Stüssy started as a surf company, and it was the first subcultural surf label. Now that’s permeating labels like John Elliott, which features a lot of beach-inspired clothes in its latest collection. Does it represent a specific kind of California style?

Stüssy’s the O.G. right? It’s the first one, and one of the things that sort of impresses me so much about Stüssy specifically is how they managed to some extent refresh their customer base. It’s been going for 35 years. There’s 40-year-olds that were wearing it originally, but there’s still 20-year-olds that are just getting into it and discovering it almost like it’s their brand—which it is, because it’s anyone’s. It’s like it’s the first time around again. I think that’s very clever.

Everything, to some extent, is cyclical. I think part of this renewed sort of spotlight on West Coast style naturally plays into that, because of the color palette, the vibe, the easiness of it, and washed-out, laid-back dude element. It’s all super synonymous with surf. If I think of what a surfer dude’s wearing when he’s not in the water or coming out of the water, it’s ripped jeans, bomber jackets, and open plaid shirts and prints.

How has “LA style” evolved? It used to have such a negative connotation, but now a lot of the labels in the collection, like Amiri, Second Layer, and John Elliott, have redefined what a “California lifestyle brand” really is.

What those brands are showing is how accomplished product made locally in LA can be. The fabrications and construction that Amiri are working on is on par with any sort of European powerhouse—and yet it’s all made in LA. The fabric’s brought in from Italy, but the cut-and-sew is done in LA, which is a pretty impressive feat really.

You’ve got Second Layer being an urban contemporary fashion/skate brand, sort of  “skate-inspired business.” You’ve got Noon Goons being more like mid-’90s surf sport. And Amiri is way more West Hollywood-proper, sort of late-’90s rock-and-roller.

It’s funny because the whole “LA guy uniform” has shifted, now it’s like a fedora, motorcycle jacket, ripped jeans and probably a pair of Saint Laurent Wyatts.

Yeah, exactly—and now he’s wearing Amiri. I guess what we’ve sort of tried to cover is all those different facets of what make up Californian style. It’s important that from our perspective that we’ve got Golden Bear, and we’ve got Mollusk, which are both based in San Francisco, but we’re trying to bring in a bit of Northern California as well as SoCal.

I guess the to some extent, you could draw a parallel between the overall sort of casual nature of menswear right now.Before it might’ve been a bit more buttoned-up, which lends itself more if you’re talking about East Coast style, because Northeastern style typically is a little bit more buttoned-up. When everything is leaning way more casual, it makes sense that you also lean towards the West Coast—because who does casual better?

For more about the West Coast fashion scene, read about Why Los Angeles Could Be the Next Fashion Capital.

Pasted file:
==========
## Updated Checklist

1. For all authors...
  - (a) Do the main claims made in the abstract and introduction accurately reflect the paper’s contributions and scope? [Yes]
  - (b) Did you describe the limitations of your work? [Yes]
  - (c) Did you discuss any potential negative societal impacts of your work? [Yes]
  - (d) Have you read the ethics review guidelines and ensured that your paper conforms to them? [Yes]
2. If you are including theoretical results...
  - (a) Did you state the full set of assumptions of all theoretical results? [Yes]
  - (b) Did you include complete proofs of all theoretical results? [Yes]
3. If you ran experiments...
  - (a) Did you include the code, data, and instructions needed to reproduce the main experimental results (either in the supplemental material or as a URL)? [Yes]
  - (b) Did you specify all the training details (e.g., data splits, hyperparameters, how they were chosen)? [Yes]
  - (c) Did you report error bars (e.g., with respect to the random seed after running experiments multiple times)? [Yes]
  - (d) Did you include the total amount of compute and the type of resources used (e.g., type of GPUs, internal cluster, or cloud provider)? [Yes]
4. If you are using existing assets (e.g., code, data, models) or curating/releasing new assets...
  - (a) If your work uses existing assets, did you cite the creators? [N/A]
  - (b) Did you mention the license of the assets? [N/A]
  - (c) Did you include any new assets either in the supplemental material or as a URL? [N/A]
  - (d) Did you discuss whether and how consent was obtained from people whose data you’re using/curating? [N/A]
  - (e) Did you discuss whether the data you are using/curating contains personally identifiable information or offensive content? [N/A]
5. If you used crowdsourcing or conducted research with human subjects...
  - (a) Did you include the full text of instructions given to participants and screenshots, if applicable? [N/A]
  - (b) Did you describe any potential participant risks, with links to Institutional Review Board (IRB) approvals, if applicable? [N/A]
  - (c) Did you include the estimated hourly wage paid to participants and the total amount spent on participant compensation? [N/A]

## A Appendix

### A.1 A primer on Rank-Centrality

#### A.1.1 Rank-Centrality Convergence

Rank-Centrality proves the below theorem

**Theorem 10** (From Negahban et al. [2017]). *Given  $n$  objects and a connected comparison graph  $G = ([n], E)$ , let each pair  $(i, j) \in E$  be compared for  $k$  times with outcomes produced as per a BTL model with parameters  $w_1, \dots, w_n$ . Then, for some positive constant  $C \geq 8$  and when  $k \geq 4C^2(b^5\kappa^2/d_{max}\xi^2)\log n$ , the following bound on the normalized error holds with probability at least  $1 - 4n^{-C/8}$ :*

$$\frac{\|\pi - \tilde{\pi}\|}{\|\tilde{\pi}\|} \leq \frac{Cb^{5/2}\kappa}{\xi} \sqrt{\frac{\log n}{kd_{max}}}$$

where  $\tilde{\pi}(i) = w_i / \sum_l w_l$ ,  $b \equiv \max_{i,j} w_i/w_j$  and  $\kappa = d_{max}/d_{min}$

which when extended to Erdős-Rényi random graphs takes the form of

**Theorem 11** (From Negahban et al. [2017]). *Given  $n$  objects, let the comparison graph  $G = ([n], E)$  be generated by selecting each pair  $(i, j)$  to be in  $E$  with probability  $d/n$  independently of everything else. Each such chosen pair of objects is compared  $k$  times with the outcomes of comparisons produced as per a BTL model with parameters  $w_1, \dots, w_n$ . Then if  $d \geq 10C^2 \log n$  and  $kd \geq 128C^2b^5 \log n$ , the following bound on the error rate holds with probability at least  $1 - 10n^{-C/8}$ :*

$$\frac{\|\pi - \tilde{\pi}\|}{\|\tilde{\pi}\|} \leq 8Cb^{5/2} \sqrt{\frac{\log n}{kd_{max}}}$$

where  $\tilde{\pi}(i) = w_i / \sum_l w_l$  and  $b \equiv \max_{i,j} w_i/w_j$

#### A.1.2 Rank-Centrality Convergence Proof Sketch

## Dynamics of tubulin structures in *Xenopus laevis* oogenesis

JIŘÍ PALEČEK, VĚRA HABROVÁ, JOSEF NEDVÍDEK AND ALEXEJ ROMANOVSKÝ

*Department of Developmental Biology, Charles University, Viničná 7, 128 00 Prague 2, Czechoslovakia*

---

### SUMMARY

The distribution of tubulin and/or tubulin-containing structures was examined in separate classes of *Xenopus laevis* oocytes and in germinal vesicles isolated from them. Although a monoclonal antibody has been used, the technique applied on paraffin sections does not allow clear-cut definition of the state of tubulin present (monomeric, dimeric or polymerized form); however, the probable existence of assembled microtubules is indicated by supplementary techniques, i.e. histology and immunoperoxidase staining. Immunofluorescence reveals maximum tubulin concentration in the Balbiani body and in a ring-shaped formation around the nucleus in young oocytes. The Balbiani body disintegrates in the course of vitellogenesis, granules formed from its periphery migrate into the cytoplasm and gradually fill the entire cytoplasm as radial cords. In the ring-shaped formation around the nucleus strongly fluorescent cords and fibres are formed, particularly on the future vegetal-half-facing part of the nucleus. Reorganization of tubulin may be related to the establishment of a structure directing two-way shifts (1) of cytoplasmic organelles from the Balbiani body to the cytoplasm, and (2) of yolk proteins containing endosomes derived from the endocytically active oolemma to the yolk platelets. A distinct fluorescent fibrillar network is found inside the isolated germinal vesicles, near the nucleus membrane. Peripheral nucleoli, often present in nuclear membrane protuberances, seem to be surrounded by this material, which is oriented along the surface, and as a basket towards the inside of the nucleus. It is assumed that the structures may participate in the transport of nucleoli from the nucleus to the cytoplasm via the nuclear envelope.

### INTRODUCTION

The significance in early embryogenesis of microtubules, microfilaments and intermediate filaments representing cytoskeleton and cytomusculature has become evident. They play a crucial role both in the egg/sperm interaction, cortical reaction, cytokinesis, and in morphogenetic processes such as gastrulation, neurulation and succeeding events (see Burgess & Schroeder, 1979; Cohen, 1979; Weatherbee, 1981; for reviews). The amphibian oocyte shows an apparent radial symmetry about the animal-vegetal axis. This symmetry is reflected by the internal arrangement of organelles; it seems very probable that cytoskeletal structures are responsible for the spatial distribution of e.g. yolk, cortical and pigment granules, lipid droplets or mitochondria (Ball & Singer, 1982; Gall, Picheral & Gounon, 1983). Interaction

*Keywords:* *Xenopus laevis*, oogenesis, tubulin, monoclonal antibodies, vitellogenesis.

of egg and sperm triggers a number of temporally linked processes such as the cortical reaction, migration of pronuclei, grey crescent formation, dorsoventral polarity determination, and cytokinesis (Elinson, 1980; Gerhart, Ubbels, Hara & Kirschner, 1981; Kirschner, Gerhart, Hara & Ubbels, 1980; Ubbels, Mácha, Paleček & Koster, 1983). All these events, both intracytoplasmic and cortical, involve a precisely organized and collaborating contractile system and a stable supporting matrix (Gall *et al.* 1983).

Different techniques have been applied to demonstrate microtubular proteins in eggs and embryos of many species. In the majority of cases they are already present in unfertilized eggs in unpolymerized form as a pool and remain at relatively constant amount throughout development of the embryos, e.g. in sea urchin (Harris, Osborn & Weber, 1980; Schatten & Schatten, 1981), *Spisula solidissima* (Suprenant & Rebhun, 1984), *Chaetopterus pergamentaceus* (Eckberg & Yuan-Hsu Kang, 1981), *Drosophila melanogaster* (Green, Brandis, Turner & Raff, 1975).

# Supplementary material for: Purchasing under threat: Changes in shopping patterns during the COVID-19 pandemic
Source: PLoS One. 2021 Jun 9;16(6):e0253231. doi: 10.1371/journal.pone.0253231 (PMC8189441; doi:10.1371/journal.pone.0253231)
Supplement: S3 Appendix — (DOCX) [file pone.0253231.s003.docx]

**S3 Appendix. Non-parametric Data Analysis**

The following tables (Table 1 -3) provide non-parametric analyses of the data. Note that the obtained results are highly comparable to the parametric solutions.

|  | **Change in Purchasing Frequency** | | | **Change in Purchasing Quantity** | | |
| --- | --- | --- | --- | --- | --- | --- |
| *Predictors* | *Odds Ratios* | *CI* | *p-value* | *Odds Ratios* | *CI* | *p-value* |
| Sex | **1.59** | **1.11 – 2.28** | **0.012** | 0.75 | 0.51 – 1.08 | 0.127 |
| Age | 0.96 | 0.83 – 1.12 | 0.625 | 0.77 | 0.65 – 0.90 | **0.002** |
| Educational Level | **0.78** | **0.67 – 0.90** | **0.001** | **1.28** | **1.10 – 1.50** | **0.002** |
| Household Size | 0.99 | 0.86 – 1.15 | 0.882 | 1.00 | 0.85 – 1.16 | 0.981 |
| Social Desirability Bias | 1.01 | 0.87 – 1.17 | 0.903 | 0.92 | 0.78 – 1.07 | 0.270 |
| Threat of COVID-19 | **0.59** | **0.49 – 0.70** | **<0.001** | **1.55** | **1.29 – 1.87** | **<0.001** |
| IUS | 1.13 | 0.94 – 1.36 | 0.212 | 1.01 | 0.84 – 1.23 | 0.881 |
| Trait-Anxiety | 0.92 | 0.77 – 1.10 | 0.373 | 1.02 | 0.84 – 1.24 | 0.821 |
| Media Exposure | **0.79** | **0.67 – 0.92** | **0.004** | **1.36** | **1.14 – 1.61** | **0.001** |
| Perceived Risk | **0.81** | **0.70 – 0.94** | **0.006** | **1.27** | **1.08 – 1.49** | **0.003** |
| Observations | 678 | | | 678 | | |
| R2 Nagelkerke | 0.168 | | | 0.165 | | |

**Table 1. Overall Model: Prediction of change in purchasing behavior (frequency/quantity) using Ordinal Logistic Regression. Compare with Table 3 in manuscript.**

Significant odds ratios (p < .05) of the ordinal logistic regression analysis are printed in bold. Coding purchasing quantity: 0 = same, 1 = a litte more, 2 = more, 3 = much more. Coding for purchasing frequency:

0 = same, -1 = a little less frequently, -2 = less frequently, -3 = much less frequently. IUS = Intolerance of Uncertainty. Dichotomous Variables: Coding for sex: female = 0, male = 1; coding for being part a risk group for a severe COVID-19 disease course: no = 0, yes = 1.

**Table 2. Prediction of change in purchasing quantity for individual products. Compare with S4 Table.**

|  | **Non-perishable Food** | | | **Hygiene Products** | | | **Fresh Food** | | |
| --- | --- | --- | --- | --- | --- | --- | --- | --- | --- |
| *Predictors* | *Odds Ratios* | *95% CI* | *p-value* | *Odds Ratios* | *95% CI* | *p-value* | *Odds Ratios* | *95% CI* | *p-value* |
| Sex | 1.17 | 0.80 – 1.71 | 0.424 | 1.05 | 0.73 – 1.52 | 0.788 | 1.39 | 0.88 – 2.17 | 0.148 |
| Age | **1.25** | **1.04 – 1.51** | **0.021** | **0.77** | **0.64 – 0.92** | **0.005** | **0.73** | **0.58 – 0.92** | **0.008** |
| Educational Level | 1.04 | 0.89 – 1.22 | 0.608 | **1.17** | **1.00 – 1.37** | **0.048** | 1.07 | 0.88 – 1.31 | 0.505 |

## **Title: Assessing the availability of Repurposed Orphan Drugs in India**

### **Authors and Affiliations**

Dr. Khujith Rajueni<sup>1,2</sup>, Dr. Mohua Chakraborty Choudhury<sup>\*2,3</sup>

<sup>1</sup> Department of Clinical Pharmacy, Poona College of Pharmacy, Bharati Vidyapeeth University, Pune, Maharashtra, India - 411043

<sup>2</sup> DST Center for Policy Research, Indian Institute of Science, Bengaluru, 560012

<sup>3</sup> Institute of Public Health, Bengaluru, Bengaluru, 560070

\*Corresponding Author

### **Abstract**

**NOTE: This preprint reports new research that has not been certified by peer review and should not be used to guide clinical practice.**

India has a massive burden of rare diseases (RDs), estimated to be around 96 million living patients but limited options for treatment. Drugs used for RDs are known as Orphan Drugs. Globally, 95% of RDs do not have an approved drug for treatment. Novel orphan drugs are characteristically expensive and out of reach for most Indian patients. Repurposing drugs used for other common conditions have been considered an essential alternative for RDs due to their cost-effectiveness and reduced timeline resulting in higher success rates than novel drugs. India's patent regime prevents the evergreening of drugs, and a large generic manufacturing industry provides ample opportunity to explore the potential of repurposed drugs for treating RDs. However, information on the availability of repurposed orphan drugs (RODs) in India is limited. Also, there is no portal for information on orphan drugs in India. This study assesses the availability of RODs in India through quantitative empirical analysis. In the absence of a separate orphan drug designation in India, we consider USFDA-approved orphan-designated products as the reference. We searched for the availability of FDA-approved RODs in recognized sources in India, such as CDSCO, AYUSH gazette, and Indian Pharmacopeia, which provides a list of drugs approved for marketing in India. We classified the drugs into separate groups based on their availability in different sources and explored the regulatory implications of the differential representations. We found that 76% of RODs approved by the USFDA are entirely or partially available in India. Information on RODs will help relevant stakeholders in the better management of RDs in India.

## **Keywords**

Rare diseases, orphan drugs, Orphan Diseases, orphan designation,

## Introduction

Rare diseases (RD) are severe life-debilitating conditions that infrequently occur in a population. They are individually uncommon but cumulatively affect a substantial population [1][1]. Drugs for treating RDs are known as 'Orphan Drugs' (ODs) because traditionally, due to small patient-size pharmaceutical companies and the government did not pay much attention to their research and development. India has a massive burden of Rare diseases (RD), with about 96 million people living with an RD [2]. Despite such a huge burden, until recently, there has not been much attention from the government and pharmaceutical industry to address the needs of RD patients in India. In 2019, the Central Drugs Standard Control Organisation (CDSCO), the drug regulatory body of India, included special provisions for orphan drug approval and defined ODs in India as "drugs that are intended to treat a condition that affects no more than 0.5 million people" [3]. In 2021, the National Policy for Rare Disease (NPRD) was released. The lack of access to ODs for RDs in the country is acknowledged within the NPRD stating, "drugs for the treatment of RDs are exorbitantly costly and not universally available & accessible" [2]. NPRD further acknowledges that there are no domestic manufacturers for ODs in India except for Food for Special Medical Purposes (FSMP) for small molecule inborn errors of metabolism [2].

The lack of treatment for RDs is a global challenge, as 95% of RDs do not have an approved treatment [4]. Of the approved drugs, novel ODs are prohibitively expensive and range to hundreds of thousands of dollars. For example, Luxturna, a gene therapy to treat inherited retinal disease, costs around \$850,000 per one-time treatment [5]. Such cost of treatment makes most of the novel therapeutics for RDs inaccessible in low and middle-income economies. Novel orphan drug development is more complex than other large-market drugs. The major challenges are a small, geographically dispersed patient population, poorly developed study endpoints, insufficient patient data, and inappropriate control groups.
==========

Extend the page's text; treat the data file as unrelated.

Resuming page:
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U.S. Lacrosse Adjusts Rules, Allows Female Players To Wear Helmets

FREEPORT, N.Y. (CBSNewYork) — After years of debate, helmets are making a debut this spring at girls lacrosse games.

Boys are required to wear helmets, but until now girls weren’t allowed to.

As CBS2’s Carolyn Gusoff reported, school administrators called the new national standard a smart move.

“Accidents happen, there are balls that fly around, sticks to the head with the light checking,” Freeport Athletic Director, Jonathan Bloom said.

Freeport is one of several Long Island districts outfitting every player, after U.S. Lacrosse recently changed its standards for girls after years of research and debate.

Helmets are now optional for girls in what’s considered a non-contact sport.

“Contact actually happens. Some of the girls are really aggressive,” Freeport’s Deanna Carroll said.

Carroll has been hit with a stick to the head.

Critics predict helmets may now make the game rougher and less safe, with dangerous collisions between players with and without helmets.

The new headgear is flexible.

“The whole idea behind it is not changing the game. It’s not a full helmet, so it’s not that girls are going to start doing body checks. Keeping the game the same, but making it a lot safer,” Lacrosse Unlimited, Manager, Chris D’Aconti said.

Teenage girls who grew up with head-banded hair on the field are still getting used to the feel and look.

“At first it was annoying and hard to get used to, and I would dread having to put it on,” Faridate Lawal said.

“The look is important to any female, of course it is, but now it’s just part of our regular uniform,” Ananda Norris said.

Looks matter, but coaches say, what matters more is safety.

“Your look on the field can change very quickly when a ball hits you in the face, so I’m much happier and they are too when they have something covering them,” Freeport coach, Gina DiPalo said.

Of the 4,400 girls who play lacrosse on Long Island, 65 of them had concussions last season. Even so, U.S. Lacrosse emphassizes the helmets are completely optional from youth leagues to college.

The new helmets cost around $150 each with discounts when bought in bulk for teams.